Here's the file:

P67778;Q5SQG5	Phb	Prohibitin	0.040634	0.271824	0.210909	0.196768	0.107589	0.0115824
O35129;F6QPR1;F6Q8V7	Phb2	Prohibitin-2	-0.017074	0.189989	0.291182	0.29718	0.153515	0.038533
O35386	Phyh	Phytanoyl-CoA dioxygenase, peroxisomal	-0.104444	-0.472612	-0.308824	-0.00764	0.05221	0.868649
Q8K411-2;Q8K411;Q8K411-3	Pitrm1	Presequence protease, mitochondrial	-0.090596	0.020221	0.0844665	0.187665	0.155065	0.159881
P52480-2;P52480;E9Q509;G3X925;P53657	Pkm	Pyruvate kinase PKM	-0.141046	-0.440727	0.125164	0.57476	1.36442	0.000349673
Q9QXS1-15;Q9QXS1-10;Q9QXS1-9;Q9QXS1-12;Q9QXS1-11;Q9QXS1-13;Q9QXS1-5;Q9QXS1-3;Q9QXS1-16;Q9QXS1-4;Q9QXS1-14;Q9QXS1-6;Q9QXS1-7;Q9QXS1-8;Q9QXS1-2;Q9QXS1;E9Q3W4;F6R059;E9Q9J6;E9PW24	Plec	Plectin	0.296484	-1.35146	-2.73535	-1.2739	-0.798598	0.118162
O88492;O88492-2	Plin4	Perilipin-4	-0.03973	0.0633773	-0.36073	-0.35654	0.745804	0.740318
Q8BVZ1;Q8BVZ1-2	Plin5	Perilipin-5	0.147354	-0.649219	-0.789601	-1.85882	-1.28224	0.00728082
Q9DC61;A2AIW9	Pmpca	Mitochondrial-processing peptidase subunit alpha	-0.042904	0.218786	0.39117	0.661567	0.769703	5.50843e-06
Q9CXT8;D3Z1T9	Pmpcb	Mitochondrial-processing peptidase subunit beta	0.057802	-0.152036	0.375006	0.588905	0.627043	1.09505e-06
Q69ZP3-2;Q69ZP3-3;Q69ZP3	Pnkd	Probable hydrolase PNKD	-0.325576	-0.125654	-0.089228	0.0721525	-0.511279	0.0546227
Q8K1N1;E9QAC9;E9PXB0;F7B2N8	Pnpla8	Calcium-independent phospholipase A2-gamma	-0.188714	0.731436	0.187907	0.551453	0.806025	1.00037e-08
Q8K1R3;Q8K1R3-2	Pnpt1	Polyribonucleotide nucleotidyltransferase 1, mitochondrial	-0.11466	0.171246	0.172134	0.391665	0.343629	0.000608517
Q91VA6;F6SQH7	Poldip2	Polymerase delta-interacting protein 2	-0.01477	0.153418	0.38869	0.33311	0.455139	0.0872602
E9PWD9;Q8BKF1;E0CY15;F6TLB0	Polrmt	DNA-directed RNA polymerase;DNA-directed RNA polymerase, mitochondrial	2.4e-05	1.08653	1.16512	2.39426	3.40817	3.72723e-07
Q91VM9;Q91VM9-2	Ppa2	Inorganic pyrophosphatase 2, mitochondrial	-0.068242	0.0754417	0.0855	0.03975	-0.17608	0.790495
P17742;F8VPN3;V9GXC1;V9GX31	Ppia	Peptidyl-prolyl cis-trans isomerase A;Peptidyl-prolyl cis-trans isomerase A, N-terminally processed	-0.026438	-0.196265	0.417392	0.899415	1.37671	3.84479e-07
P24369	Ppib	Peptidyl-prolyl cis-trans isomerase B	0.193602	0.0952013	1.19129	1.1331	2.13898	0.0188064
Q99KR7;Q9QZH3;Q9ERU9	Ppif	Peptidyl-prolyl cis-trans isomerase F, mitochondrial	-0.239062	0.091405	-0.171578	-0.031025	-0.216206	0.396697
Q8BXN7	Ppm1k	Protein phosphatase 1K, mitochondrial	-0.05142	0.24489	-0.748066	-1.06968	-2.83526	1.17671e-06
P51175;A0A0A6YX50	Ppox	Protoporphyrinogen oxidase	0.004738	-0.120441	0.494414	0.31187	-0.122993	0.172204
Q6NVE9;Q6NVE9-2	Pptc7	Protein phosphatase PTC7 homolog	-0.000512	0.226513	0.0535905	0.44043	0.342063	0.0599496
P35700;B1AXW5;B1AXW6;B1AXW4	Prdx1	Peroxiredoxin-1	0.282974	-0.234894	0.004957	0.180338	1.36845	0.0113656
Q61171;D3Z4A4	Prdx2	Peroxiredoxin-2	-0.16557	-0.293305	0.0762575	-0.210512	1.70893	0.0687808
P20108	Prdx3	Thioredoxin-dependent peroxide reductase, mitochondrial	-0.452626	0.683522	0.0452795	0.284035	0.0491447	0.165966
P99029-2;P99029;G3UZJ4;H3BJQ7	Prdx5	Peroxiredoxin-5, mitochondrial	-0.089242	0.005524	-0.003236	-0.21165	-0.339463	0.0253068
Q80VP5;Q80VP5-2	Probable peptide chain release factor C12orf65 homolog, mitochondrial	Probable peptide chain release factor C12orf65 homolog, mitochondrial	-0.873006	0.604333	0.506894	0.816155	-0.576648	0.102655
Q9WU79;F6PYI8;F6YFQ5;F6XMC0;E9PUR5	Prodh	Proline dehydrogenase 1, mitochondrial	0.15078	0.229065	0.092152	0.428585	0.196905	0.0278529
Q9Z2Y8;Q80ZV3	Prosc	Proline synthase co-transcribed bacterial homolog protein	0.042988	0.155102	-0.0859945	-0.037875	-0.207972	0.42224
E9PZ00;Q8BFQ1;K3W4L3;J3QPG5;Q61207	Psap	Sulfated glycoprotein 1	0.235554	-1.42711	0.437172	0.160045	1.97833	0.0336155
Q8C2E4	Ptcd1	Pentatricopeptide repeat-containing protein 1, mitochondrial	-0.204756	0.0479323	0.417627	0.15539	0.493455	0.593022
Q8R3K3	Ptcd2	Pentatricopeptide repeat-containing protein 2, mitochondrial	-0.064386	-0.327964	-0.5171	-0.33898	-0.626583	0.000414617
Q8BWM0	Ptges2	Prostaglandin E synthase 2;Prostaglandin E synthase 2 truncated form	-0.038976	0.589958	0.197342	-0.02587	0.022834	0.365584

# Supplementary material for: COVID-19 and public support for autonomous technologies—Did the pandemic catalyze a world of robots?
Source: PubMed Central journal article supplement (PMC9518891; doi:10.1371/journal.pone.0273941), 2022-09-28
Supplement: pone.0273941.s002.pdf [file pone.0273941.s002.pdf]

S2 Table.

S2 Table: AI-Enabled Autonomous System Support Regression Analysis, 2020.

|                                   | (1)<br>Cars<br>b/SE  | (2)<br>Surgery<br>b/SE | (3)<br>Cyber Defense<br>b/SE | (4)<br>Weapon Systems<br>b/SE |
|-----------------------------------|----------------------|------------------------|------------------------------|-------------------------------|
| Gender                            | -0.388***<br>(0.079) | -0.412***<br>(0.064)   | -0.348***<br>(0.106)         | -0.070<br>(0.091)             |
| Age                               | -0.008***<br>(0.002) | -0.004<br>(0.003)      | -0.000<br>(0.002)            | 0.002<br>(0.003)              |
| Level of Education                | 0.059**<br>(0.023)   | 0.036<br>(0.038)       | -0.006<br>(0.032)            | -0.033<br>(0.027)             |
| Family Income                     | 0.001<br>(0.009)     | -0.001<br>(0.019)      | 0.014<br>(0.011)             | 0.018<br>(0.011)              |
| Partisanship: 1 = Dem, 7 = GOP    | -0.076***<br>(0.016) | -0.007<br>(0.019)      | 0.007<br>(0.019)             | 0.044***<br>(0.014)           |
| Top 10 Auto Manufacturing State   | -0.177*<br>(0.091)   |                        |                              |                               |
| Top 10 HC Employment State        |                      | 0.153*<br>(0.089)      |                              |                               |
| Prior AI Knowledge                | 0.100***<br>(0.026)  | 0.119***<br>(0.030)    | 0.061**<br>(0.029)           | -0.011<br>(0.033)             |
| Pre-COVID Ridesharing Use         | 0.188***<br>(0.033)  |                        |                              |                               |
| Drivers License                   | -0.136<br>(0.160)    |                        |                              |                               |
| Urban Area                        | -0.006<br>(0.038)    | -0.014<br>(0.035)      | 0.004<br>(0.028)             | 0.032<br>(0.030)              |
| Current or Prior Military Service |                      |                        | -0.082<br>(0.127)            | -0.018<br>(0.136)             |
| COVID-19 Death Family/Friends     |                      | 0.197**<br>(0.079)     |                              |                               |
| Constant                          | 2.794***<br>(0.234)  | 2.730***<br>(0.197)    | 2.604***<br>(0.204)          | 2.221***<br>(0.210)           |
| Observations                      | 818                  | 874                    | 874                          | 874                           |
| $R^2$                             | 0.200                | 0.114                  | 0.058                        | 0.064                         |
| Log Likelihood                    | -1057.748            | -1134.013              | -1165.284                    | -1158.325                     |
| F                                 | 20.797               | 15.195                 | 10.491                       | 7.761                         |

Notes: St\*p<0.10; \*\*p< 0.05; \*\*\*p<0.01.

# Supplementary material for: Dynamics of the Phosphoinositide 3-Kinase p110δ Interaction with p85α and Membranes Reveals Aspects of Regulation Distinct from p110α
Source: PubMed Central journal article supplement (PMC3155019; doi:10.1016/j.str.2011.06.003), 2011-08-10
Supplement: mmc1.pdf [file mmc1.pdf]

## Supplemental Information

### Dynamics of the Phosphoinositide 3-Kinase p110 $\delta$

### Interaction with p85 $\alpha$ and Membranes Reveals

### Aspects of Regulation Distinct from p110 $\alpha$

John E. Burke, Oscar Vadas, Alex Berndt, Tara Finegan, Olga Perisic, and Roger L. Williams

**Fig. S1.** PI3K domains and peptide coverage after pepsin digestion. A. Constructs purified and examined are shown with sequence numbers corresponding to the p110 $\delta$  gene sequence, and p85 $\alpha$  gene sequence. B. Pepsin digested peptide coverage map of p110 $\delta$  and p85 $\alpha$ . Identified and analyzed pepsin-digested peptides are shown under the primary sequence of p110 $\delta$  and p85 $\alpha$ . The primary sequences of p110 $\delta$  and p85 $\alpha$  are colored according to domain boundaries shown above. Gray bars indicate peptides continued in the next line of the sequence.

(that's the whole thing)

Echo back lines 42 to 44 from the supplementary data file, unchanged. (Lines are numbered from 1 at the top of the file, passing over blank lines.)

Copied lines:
| Age                               | -0.008***<br>(0.002) | -0.004<br>(0.003)      | -0.000<br>(0.002)            | 0.002<br>(0.003)              |
| Level of Education                | 0.059**<br>(0.023)   | 0.036<br>(0.038)       | -0.006<br>(0.032)            | -0.033<br>(0.027)             |
| Family Income                     | 0.001<br>(0.009)     | -0.001<br>(0.019)      | 0.014<br>(0.011)             | 0.018<br>(0.011)              |